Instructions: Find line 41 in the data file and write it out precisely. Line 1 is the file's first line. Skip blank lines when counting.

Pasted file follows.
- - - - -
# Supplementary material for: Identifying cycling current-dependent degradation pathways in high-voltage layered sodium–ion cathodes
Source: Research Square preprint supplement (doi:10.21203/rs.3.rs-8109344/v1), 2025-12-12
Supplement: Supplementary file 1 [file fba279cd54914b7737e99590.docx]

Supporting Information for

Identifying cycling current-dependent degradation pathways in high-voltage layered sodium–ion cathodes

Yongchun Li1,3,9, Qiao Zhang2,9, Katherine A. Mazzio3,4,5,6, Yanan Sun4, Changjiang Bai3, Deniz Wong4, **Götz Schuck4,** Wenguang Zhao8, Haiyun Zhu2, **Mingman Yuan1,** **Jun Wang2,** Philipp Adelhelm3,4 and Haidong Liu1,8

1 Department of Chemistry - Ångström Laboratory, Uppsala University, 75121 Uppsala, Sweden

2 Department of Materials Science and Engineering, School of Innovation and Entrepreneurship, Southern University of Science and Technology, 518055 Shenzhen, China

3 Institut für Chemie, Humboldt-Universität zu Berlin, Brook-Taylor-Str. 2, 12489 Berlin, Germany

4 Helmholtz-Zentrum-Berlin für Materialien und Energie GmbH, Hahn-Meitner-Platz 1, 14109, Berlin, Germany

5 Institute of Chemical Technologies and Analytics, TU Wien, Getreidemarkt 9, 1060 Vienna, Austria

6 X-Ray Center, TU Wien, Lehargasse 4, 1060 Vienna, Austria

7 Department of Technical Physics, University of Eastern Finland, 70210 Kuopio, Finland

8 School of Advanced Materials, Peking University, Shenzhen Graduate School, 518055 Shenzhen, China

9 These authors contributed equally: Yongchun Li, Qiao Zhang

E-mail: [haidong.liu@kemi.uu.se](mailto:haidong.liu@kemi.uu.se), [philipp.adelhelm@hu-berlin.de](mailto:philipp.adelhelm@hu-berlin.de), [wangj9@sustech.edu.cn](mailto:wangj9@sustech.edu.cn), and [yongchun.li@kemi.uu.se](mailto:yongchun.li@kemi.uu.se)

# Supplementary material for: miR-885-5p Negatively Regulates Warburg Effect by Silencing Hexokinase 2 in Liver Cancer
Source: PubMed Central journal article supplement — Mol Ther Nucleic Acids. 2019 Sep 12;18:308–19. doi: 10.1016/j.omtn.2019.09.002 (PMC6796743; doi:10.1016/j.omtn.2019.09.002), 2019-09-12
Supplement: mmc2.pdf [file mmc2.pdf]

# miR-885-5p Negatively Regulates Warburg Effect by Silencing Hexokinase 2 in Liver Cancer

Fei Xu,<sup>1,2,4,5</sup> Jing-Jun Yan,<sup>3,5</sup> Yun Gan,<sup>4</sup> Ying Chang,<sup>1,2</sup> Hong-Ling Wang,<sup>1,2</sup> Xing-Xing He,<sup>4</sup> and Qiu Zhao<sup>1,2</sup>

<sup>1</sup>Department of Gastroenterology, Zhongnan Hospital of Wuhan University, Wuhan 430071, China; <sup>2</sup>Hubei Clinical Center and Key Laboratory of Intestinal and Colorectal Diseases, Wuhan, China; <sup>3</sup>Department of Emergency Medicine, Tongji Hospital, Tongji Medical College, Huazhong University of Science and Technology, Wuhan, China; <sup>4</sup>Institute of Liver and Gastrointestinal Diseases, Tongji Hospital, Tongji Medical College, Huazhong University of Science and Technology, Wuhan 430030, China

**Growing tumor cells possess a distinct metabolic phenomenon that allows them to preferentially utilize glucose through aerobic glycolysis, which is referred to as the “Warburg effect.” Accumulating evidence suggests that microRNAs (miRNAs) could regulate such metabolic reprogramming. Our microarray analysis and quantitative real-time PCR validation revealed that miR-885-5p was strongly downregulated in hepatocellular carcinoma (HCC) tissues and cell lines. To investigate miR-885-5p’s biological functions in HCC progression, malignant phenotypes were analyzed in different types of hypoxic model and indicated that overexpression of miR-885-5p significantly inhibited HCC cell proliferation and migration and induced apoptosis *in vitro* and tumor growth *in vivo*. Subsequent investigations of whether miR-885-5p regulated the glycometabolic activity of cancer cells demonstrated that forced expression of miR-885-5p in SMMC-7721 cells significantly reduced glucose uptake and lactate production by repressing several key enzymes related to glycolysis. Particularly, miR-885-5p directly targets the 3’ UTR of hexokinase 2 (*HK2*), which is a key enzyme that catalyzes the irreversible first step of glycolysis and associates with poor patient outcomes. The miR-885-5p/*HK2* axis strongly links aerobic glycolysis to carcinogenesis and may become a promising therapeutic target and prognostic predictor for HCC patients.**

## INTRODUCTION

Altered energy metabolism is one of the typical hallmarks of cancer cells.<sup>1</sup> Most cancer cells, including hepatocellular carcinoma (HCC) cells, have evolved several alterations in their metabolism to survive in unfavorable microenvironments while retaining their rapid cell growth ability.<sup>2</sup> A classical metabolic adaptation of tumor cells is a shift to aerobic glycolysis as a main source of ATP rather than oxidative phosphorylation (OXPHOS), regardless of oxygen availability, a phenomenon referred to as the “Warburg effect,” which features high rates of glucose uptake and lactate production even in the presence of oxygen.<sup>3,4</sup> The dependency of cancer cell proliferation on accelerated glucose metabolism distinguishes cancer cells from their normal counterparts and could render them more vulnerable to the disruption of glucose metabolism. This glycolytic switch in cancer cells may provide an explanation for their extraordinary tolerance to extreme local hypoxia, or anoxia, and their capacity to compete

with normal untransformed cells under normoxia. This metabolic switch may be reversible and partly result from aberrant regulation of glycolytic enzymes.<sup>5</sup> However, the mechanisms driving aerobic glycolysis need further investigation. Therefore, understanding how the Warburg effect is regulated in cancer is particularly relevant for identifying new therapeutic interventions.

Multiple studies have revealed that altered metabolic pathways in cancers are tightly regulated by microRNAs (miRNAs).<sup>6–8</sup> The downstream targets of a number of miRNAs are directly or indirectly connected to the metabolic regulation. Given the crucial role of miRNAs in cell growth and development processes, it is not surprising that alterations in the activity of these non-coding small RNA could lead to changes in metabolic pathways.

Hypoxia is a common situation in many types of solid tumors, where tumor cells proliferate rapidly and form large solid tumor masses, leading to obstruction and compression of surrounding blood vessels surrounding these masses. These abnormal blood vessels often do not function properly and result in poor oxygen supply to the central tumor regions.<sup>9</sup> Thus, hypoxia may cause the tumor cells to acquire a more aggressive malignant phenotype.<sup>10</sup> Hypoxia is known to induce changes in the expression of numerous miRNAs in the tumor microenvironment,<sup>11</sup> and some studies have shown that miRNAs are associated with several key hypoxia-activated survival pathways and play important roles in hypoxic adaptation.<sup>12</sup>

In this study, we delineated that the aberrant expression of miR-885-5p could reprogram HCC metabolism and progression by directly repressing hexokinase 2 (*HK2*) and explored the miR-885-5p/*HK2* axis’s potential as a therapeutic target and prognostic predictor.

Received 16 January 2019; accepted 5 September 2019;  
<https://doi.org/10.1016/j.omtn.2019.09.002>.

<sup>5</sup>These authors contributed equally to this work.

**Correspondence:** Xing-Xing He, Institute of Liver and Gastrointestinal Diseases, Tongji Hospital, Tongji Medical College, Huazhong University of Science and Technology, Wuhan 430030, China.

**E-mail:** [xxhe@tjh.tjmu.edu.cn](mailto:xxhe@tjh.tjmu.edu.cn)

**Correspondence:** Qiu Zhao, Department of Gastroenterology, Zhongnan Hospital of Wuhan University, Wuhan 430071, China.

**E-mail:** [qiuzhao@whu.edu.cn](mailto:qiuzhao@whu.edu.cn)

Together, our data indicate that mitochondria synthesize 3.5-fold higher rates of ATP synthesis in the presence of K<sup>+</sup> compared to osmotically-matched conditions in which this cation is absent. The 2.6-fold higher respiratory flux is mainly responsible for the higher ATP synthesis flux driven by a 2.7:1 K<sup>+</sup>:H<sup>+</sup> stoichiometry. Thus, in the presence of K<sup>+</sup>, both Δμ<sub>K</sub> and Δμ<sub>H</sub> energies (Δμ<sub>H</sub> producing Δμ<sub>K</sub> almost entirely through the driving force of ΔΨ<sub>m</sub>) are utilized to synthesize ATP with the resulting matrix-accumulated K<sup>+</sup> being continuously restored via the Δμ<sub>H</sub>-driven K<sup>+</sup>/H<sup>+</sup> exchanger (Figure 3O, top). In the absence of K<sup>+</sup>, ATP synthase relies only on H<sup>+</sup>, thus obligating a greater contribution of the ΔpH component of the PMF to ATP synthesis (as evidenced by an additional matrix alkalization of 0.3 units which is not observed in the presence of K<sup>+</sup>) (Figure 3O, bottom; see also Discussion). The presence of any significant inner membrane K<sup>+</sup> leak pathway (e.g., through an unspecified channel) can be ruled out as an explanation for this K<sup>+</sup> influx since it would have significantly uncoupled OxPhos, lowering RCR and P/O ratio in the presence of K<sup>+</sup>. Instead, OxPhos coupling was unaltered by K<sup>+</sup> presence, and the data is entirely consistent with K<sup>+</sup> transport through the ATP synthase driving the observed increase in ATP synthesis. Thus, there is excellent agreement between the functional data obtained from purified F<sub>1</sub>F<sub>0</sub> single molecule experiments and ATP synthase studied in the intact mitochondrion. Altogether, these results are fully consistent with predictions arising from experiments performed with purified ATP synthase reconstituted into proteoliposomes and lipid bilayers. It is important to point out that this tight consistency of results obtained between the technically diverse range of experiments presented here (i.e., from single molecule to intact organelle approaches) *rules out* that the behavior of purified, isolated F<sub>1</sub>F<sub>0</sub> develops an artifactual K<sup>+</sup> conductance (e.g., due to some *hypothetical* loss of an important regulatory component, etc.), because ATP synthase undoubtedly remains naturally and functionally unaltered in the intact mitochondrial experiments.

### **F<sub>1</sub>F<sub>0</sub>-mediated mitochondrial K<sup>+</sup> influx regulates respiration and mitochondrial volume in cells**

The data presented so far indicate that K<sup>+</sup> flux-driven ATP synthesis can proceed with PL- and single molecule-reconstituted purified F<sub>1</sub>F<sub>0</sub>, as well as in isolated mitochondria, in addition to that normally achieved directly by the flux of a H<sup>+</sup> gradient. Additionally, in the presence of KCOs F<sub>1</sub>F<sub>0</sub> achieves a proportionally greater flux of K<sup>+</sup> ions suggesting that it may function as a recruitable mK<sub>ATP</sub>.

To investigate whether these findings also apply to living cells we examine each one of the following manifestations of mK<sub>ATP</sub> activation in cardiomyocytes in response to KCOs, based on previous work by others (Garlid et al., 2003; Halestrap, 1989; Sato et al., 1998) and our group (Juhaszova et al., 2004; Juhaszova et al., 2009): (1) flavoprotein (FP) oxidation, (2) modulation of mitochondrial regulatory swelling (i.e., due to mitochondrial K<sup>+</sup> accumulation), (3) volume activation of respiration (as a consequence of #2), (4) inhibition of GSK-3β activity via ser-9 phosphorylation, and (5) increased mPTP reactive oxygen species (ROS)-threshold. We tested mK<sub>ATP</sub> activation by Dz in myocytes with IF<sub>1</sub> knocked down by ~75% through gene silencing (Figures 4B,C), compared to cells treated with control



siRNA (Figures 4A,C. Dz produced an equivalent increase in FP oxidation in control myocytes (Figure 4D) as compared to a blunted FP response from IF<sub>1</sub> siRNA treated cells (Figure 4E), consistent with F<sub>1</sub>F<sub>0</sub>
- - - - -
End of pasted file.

siRNA (Figures 4A,C. Dz produced an equivalent increase in FP oxidation in control myocytes (Figure 4D) as compared to a blunted FP response from IF<sub>1</sub> siRNA treated cells (Figure 4E), consistent with F<sub>1</sub>F<sub>0</sub>